The Paradox of Moral Intuition

In this blog’s inaugural post – Origins of the Moral Law – I made a case for the well-known Argument from Morality. I argued that Theism (specifically, the Christian narrative) provides the best account for our innate sense of right and wrong.

Although I stand behind what I wrote in that post, there’s an important issue that I failed to account for. If the Moral Law is ingrained in each of us, then why do people seem to have genuine disagreements over specific moral questions? Or put another way, why is it that some people regard certain behaviors as immoral, and others don’t?

The answer, I believe, is that humans are masterful at redefining right and wrong within the context of their own desires. These desires actually become integrated into one’s “moral intuition” – perhaps as a consequence of original sin. Right is replaced by “what feels right” and wrong is replaced by “what feels wrong”.

I say this from personal experience. If it were entirely up to me, there are plenty of biblically sinful behaviors that I wouldn’t have chosen to consider sinful (pride, gluttony, etc.). Of course, that’s really the entire point. What kind of relationship can we have with a personal God if we’re unwilling to let Him contradict our own desires and opinions?

So on the one hand, morality often seems intuitive and clear (a reflection of objective morality). On the other hand, we can’t necessarily rely on our own moral intuition being correct all the time. In other words, there exists a need for guidance, obedience, and a willingness to conform one’s conscience to some kind of external moral standard.

This is obviously very controversial, even among professing Christians. It directly clashes with the modern humanist’s advice to “follow your heart” – a maxim based on an optimistic (but incorrect) belief in mankind’s innate goodness.

The major branches of Christianity may disagree over whether this “moral standard” consists of Scripture alone, or includes Sacred Tradition. The important point – at least as it pertains to this discussion – is that there must be an external source of moral authority to take precedence over our flawed moral intuition.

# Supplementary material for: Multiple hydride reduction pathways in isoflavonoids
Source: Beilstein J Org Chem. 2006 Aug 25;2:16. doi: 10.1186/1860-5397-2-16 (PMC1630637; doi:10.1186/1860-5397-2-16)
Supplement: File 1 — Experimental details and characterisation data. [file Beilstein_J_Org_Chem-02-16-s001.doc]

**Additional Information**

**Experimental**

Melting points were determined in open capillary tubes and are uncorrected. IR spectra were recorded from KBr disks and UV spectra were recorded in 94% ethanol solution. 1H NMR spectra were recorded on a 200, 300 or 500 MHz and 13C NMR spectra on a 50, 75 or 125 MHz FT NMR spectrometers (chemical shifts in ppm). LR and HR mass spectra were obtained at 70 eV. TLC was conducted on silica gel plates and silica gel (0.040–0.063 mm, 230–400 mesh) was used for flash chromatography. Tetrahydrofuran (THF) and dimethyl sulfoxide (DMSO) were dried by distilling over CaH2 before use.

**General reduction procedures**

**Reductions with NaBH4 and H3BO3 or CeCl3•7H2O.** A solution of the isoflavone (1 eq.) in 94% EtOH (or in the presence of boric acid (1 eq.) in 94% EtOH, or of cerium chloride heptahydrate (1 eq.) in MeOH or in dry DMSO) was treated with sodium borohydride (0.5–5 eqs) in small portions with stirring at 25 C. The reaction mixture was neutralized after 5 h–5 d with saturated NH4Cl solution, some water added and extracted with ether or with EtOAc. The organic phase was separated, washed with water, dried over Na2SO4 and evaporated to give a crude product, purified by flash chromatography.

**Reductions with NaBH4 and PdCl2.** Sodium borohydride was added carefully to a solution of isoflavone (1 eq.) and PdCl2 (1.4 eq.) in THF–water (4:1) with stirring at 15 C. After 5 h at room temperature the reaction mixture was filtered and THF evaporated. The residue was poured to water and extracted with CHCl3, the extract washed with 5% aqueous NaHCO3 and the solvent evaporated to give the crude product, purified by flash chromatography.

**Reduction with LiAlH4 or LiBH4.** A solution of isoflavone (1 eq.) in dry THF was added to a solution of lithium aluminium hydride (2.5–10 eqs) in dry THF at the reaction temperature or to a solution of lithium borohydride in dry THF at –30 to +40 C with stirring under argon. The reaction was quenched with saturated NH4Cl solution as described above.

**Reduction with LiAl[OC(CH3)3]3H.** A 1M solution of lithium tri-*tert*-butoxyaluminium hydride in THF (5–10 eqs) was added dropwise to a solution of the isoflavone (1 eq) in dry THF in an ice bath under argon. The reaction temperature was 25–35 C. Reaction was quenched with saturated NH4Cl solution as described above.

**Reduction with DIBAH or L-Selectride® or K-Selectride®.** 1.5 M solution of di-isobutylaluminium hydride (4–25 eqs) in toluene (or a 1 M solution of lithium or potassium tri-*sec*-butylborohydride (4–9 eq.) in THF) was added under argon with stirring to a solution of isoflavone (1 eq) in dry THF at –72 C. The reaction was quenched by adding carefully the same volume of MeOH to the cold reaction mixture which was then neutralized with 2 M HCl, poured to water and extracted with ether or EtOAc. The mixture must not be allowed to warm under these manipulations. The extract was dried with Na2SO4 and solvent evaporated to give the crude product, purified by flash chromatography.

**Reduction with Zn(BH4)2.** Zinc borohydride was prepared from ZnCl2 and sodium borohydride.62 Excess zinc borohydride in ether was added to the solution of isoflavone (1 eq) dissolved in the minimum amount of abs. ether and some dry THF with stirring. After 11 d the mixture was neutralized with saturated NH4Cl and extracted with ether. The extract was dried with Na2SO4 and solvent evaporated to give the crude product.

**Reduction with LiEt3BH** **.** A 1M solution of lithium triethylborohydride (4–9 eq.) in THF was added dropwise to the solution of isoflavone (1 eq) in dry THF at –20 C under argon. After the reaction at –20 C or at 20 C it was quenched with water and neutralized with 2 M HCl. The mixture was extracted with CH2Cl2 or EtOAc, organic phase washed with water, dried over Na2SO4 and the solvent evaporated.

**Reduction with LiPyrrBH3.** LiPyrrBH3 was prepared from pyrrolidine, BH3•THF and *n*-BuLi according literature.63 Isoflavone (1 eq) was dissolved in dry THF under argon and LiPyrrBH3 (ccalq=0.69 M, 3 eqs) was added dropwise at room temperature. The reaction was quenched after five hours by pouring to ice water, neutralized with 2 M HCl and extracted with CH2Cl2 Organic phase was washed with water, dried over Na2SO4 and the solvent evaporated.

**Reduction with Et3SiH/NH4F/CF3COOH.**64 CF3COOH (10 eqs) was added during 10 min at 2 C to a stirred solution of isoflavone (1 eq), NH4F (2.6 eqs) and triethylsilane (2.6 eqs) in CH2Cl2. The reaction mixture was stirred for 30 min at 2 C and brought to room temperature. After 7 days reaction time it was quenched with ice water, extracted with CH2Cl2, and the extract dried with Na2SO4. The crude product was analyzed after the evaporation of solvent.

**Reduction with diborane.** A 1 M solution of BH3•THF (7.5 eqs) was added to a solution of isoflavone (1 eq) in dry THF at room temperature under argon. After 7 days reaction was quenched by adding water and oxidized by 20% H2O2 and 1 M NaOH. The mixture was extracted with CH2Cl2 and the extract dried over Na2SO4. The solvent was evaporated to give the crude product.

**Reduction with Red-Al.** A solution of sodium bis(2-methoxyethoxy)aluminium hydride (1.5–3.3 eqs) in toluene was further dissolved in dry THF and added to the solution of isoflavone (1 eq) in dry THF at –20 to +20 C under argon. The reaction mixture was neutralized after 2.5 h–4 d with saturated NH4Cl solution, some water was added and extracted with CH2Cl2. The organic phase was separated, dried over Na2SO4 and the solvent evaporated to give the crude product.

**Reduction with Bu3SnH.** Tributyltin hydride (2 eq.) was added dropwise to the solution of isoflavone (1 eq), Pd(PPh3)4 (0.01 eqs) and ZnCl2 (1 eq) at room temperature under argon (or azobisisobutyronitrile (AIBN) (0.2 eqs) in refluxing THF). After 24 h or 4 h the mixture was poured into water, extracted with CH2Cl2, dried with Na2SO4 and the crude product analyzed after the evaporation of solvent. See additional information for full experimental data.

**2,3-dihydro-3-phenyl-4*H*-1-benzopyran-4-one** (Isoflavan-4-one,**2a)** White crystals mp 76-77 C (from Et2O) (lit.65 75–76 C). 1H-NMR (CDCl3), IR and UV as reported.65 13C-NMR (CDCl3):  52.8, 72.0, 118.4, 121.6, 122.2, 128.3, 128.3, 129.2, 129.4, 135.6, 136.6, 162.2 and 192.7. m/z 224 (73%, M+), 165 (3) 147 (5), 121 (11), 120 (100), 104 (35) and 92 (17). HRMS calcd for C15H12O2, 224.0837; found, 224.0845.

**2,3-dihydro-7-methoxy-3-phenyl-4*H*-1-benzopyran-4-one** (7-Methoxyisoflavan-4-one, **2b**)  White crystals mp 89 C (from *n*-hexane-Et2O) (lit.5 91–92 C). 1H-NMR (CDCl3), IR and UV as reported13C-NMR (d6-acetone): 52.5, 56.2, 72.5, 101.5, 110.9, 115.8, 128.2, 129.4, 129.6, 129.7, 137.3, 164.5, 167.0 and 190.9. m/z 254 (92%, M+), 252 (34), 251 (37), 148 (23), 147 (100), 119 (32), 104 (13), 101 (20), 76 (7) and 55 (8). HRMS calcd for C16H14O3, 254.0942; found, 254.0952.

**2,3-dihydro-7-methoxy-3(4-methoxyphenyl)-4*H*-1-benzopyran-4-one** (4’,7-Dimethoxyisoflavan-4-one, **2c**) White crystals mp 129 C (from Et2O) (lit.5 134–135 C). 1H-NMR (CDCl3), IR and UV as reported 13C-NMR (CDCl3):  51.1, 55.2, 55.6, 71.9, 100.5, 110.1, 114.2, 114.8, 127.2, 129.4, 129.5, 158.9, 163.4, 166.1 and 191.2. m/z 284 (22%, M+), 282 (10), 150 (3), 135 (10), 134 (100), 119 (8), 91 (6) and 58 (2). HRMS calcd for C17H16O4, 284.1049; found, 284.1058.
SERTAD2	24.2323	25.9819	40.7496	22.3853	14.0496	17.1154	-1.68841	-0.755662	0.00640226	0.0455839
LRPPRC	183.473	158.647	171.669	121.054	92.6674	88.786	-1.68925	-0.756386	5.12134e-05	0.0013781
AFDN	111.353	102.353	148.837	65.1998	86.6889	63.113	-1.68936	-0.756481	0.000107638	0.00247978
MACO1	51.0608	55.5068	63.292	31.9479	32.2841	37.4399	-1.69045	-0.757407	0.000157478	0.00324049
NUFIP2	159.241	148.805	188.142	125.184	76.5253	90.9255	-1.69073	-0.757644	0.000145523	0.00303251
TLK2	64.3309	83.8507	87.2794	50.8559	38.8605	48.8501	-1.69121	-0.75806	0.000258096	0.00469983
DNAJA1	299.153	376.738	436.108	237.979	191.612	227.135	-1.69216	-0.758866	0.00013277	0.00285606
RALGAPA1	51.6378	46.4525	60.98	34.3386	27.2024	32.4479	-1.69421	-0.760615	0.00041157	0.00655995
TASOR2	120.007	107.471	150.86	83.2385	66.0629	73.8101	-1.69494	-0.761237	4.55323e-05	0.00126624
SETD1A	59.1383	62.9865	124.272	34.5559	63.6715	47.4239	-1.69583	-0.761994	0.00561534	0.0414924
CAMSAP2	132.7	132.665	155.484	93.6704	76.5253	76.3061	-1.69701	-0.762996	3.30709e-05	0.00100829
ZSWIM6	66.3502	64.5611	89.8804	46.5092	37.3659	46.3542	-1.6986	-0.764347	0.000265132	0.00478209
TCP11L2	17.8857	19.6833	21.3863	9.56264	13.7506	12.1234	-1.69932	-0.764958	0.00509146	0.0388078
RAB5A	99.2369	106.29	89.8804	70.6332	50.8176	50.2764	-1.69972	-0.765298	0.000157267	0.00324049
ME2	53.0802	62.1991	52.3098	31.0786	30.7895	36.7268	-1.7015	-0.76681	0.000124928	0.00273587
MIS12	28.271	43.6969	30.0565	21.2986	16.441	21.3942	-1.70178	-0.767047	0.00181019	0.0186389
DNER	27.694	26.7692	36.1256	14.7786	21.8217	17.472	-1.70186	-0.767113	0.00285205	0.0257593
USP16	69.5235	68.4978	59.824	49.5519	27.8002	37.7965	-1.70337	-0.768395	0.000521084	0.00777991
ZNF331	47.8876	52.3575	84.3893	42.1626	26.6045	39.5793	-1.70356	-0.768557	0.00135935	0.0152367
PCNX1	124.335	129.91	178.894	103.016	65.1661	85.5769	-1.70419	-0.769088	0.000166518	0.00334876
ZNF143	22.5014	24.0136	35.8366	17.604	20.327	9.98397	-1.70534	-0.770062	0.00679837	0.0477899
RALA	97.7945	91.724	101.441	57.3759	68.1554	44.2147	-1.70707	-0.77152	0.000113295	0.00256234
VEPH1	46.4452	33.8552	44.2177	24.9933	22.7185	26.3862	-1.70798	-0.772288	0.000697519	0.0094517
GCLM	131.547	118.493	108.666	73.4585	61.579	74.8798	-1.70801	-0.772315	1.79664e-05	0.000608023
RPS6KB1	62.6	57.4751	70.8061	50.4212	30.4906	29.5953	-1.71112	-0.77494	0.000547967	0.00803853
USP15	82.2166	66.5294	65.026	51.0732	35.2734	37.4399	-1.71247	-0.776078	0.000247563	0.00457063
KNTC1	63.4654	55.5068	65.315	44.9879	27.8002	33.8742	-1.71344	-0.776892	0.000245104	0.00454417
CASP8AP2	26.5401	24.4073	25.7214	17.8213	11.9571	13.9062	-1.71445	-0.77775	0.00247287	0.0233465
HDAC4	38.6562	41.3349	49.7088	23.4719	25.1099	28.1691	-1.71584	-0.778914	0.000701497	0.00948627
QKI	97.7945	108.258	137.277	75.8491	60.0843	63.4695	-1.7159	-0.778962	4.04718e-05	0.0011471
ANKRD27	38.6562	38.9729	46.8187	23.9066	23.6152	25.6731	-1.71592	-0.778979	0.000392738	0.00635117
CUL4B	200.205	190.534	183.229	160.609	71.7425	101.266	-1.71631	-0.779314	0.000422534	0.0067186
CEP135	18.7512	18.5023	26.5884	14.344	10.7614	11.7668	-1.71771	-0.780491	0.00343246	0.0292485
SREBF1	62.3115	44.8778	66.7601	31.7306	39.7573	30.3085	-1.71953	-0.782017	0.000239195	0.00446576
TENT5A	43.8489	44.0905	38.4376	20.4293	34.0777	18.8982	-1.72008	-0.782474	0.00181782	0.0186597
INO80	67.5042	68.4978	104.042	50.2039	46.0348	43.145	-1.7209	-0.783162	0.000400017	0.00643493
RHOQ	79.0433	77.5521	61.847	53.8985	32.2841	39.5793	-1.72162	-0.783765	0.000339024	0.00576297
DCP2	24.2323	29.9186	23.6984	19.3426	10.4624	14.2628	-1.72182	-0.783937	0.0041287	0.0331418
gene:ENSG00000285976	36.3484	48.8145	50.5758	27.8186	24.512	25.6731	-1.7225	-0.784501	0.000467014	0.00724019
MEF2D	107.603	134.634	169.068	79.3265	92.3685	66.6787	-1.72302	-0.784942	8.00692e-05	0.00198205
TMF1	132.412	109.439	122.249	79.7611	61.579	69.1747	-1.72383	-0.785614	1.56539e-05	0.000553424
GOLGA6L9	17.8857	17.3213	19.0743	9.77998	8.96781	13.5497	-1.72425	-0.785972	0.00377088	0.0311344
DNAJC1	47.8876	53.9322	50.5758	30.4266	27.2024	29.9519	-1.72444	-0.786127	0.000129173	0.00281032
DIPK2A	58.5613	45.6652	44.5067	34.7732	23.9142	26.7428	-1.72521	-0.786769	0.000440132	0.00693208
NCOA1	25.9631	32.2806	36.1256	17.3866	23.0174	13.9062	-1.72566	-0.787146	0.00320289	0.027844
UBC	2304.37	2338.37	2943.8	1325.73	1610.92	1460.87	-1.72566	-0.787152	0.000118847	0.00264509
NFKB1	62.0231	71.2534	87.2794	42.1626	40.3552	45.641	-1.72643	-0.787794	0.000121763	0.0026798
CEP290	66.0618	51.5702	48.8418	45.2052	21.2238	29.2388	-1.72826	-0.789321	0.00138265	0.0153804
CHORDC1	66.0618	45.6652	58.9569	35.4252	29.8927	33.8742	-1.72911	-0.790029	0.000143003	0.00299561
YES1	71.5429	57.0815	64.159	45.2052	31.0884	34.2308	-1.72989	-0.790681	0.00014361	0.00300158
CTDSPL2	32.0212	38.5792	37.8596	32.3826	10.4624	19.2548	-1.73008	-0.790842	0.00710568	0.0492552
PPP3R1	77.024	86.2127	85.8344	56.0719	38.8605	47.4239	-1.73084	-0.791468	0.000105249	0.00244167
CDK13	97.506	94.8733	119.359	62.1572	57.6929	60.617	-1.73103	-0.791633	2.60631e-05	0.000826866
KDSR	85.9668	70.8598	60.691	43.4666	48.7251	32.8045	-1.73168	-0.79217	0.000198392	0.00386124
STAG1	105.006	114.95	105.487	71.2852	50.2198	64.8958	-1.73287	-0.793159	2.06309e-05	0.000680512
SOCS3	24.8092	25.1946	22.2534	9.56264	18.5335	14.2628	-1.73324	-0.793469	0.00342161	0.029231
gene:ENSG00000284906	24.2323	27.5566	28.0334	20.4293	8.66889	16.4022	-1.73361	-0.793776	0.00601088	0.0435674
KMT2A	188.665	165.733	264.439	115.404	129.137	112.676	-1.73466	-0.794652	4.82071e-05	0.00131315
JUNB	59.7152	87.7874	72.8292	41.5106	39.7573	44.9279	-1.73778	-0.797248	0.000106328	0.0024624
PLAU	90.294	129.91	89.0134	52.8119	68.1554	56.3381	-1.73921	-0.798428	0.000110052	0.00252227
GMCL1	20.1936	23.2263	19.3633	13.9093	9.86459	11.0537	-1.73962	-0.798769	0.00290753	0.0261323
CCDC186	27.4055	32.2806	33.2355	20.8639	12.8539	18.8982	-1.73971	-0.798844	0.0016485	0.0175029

Advertisements

4 thoughts on “The Paradox of Moral Intuition

  1. “The important point – at least as it pertains to this discussion – is that there must be an external source of moral authority to take precedence over our flawed moral intuition.”

    Agreed.

    “The major branches of Christianity may disagree over whether this ‘moral standard’ consists of Scripture alone, or includes Sacred Tradition.”

    One way to look at it, perhaps, would be to say that we Anglicans have the perfect compromise: The Bible is the foundational authority, but the church plays an important role in interpreting it.

    — Without the church, we might be thrown back into the same problem you identified in the first place: Different people interpret some parts of the Bible different ways, and each of us has an incentive to interpret the Bible in a way congenial to what he naturally wanted to do anyway.

    — With the church, even without considering it or the Pope infallible, we can say that the more Christians have agreed, across times and places, on a given point of interpretation, the more likely it is to be correct. We can trust God’s promises that the Holy Spirit would guide the church (John 16:5-15) and that the gates of hell would not prevail against it (Matthew 16:18).

  2. There are several passages that come to mind in reading this blog. Man does not have the ability, really, to define what is right and wrong (Jeremiah 10:23). I think we, especially those of us in the Western World, have the knowledge we have because of what has been revealed to us, to whatever extent we accept it, from the Holy Bible (John 17:17; Psalm 119:160).

    Human carnal nature is hostile toward God and His Law (Romans 8:7; Proverbs 19:3). The heart of man being deceitful above all things (Jeremiah 17:9) we are forced to rely upon God\’s Word to define right and wrong for us; yet, we are so stubborn, and so sure we can do it on our own.

Leave a Reply

Fill in your details below or click an icon to log in:

WordPress.com Logo

You are commenting using your WordPress.com account. Log Out / Change )

Twitter picture

You are commenting using your Twitter account. Log Out / Change )

Facebook photo

You are commenting using your Facebook account. Log Out / Change )

Google+ photo

You are commenting using your Google+ account. Log Out / Change )

Connecting to %s